We ended up back at our friend Mohammad’s house (where we received frantic emails from Ali demanding satisfaction as he’d called our hotel and we weren’t there… despite us only informing him we’d be there for one night) and breathed out and in the wonderful companionship of our adoptive Iranian family. Our brother Sina, our sister Soha, our mother Fariba and of course our father and friend Mohammed. They showed us more of Tehran and their generosity, we felt more relaxed than we had done in weeks.

We found out that with only a few days left in Tehran, that our wheel was still in England despite the tracking confirming that it had been delivered! We only had a few days before we had to be in Turkmenistan, so it was going to be a stressful few nights.

We met up with Ali and Jila again – he took us all to Mahnuz’s family farm, ripe with fruit trees and flowers and a generous family who wanted us to stay for dinner. We were then chaperoned to Ali’s cousin’s place to meet her new baby and some more of his extended family, and then to a house in Karaj (30km out of Tehran) that he shares with this cousin (one of the collection of houses he owns?! Who is this person?!) where he was disappointed we didn’t want to stay any longer than one night. He had, in-hand, our information about us needing to do lots of things in Tehran but chose to fist up that information and throw it away. It was an extremely strange experience where we tried to enjoy the company and events but felt constantly in Ali’s debt somehow; our whithers were bristling, indicating something slightly awry.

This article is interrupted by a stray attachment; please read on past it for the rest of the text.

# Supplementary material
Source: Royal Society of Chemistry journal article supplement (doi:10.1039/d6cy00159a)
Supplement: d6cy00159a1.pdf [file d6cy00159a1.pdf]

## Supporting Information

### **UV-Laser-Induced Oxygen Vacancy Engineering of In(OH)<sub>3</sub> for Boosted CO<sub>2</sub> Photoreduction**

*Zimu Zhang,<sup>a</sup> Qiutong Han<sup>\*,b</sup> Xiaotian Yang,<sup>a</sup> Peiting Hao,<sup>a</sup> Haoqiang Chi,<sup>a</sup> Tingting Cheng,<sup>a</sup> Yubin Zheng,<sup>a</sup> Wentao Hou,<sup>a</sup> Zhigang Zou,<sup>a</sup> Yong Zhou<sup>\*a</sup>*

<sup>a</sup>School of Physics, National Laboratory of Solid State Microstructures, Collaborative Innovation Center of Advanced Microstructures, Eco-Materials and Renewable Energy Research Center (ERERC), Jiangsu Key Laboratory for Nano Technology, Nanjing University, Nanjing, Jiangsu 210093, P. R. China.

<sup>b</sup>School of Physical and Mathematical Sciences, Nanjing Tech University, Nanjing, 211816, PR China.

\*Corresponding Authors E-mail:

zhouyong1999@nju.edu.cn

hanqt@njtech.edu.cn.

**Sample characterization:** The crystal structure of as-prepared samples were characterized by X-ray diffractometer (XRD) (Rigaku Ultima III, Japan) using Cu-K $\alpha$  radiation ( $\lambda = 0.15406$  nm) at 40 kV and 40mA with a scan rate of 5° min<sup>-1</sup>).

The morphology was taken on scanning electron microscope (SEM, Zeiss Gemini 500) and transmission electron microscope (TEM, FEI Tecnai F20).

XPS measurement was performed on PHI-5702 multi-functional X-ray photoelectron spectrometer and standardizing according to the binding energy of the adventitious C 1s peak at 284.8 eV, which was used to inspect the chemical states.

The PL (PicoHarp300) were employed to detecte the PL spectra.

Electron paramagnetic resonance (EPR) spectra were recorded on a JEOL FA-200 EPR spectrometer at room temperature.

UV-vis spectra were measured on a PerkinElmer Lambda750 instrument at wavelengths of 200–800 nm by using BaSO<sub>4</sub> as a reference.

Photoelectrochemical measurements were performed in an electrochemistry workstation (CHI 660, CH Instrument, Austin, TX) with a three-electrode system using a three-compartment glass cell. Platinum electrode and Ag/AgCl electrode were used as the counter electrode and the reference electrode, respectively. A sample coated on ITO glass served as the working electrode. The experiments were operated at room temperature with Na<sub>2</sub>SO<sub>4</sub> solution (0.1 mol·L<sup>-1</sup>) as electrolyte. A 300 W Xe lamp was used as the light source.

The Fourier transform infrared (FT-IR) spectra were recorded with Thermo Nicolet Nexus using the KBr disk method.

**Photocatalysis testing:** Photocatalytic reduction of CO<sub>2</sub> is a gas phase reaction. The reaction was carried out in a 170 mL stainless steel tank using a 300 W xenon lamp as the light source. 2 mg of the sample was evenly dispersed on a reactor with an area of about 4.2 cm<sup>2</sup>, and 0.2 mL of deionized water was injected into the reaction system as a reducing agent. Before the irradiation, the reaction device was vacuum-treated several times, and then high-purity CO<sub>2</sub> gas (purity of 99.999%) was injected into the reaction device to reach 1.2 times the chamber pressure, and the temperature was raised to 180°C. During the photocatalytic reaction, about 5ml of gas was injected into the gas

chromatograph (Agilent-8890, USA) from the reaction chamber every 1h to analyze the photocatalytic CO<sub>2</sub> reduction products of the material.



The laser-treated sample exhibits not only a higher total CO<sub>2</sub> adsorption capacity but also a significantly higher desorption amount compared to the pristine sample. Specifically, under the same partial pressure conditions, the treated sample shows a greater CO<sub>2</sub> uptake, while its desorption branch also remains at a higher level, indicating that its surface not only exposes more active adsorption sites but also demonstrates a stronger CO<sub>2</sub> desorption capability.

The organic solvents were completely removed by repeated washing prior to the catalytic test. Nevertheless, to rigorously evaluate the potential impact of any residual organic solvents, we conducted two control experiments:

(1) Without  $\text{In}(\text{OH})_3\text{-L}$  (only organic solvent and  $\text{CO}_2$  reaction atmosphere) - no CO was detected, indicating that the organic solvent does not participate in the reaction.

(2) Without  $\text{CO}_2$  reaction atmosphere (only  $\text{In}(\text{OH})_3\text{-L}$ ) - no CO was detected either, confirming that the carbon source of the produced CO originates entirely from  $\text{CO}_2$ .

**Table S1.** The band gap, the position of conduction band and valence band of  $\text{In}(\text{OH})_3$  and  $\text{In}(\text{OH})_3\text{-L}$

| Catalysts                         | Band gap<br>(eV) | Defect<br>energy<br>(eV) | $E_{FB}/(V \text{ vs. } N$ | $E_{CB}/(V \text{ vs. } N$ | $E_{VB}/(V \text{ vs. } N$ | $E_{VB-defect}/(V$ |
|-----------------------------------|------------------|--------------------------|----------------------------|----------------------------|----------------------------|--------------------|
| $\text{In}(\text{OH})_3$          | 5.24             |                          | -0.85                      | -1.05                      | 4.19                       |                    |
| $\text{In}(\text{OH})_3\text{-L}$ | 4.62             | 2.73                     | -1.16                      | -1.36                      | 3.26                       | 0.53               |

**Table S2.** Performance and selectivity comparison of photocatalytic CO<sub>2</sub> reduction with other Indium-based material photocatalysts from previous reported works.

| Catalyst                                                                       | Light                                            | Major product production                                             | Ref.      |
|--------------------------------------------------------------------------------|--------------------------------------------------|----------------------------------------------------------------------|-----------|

With that strange happening behind us (mostly, apart from the occasional demanding email enquiry from Ali) we sorted out our wheel debacle in the eleventh hour, went to play badminton in the park at 12:30am with Sina who made it so enjoyable it may as well have been a completely normal and natural thing to do, Alex climbed a mountain behind Tehran with Mohammed at dawn and we had to say a sad goodbye to our favourite family.

Our last days (without any free time really) were filled with acquaintances new and old (and our movements were slightly marred by our suspicion that Ali could track every move!). We made firm friends with Arman from Cafe Romance (the best and most hipster-approved cafe in Tehran), we caught up again with our dietician friend Reza from Talesh and our old and wonderful Persian prince of the Turkish farm we worked at, Mahna! Unfortunately we were poised to leave and couldn’t spend more than a few hours with our pals, but they’ll be in our future we’re sure.

A Bus and a Tandem

We departed from South Tehran bus terminal with the usual flamboyant ruckus TanNayNay brings; at the last minute the arrogant bus driver decided he wouldn’t take a bike in the bus (although he was storing not one but two motor bikes in the luggage compartments) but as is typical of Persians, we were saved when a group of three English-speaking gentlemen took pity on us and helped us negotiate a bus swap with only a very small fee and only an hour longer wait. There’s nothing quite like Iranian hospitality, no matter where you are.

The bus was VIP and we lounged our way (with TanNayNay safely tucked up below us) to Mashhad.

One Last Accidental Host Family